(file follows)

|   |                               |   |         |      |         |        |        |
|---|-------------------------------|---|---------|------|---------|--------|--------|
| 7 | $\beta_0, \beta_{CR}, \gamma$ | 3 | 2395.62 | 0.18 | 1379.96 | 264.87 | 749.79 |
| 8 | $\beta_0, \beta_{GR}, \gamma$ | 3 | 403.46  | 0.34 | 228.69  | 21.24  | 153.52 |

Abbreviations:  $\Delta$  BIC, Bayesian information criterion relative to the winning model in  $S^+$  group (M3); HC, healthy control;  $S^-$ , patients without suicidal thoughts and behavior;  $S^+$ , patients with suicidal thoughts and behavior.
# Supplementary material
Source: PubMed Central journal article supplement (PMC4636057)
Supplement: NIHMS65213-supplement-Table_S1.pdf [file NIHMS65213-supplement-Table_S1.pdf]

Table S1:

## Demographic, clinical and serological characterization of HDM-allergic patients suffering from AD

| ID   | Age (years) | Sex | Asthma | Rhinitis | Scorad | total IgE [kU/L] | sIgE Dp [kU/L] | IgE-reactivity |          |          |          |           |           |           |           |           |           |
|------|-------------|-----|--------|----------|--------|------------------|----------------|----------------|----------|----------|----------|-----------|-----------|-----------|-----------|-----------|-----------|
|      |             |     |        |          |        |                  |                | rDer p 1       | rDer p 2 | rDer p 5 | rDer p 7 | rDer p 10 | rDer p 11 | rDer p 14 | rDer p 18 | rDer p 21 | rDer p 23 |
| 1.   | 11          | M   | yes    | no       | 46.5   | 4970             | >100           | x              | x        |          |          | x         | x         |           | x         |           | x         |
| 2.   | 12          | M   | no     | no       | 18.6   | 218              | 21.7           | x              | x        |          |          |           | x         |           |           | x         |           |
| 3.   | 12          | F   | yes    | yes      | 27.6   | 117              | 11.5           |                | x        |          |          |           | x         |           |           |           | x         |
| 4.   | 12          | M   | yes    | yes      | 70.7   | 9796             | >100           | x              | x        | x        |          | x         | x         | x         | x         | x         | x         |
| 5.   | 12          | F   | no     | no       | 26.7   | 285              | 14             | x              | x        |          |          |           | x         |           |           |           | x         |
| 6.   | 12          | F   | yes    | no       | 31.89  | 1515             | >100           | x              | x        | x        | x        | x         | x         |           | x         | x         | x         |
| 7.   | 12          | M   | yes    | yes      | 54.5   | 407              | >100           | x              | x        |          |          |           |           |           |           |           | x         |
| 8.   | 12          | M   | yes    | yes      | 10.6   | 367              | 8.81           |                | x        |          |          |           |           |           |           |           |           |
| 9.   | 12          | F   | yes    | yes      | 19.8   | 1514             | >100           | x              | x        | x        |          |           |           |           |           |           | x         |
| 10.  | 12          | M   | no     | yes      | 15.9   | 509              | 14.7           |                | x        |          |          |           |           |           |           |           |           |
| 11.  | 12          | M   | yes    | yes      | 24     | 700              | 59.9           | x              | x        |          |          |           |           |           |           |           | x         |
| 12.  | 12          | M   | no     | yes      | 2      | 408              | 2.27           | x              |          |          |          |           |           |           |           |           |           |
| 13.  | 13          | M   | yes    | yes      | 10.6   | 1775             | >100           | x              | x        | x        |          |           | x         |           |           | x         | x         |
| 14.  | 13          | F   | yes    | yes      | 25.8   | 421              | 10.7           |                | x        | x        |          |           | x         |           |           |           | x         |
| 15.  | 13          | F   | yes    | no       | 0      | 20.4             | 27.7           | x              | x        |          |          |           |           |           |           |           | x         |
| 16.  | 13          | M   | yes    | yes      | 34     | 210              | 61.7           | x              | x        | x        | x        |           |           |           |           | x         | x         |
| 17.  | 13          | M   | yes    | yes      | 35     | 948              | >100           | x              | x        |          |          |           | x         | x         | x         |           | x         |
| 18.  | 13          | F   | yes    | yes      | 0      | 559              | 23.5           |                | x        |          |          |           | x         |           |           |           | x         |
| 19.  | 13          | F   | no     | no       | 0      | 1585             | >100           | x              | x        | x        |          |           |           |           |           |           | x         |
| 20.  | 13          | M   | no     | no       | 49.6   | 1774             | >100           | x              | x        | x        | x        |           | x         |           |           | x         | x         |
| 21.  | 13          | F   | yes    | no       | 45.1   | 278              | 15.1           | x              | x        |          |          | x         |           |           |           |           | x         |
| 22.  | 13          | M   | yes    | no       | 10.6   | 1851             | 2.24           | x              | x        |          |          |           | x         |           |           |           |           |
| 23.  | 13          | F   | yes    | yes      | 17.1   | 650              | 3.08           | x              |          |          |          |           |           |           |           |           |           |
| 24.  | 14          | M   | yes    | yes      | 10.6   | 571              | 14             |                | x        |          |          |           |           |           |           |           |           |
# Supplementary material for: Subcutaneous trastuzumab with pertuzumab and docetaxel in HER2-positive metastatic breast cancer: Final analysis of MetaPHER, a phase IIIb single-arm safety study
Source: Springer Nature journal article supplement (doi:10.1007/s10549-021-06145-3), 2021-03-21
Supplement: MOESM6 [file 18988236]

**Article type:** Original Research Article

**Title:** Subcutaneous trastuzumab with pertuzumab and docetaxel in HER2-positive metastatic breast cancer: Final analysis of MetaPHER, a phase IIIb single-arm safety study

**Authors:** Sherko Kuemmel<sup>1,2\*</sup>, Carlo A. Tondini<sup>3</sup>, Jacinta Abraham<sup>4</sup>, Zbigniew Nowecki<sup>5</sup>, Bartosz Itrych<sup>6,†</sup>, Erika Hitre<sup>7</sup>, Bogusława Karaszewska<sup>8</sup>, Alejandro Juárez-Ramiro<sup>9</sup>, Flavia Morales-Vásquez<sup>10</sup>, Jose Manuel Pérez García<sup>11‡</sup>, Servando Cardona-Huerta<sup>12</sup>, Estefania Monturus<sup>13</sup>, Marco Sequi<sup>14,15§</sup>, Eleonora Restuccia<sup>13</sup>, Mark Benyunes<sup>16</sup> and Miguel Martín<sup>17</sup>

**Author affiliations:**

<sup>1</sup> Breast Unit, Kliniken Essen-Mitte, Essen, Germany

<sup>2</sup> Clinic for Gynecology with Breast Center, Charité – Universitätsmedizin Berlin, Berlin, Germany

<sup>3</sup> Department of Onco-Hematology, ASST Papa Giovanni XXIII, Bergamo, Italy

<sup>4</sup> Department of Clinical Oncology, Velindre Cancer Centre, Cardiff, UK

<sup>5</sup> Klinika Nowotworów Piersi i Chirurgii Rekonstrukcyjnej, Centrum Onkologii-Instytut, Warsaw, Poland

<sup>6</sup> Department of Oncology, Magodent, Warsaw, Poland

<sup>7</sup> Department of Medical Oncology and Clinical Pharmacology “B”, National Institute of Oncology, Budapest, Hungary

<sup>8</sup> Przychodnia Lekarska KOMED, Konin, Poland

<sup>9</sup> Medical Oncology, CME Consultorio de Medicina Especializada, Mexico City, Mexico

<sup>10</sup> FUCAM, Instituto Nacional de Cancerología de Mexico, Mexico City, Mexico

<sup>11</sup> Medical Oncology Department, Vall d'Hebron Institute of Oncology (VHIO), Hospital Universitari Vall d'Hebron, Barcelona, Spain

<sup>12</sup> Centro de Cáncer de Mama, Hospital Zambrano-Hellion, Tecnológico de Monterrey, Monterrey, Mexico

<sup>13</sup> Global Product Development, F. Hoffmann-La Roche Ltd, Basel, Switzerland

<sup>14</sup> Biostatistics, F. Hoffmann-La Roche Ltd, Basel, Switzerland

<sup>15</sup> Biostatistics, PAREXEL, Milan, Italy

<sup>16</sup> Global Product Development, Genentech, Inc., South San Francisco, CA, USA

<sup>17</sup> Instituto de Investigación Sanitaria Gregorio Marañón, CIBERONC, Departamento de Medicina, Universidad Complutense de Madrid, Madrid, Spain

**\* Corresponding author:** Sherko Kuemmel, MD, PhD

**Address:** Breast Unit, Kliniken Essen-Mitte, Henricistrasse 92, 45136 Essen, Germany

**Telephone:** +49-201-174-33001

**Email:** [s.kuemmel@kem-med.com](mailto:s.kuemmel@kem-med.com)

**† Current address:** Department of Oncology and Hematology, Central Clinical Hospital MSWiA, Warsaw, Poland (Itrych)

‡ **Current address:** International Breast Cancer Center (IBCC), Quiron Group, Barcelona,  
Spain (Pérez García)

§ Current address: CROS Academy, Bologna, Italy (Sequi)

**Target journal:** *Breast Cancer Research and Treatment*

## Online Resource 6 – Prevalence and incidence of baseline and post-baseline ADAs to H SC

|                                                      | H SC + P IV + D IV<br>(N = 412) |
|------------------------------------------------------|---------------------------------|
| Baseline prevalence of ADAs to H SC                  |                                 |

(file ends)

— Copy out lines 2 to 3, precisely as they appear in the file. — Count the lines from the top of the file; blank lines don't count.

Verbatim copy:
|---|-------------------------------|---|---------|------|---------|--------|--------|
| 7 | $\beta_0, \beta_{CR}, \gamma$ | 3 | 2395.62 | 0.18 | 1379.96 | 264.87 | 749.79 |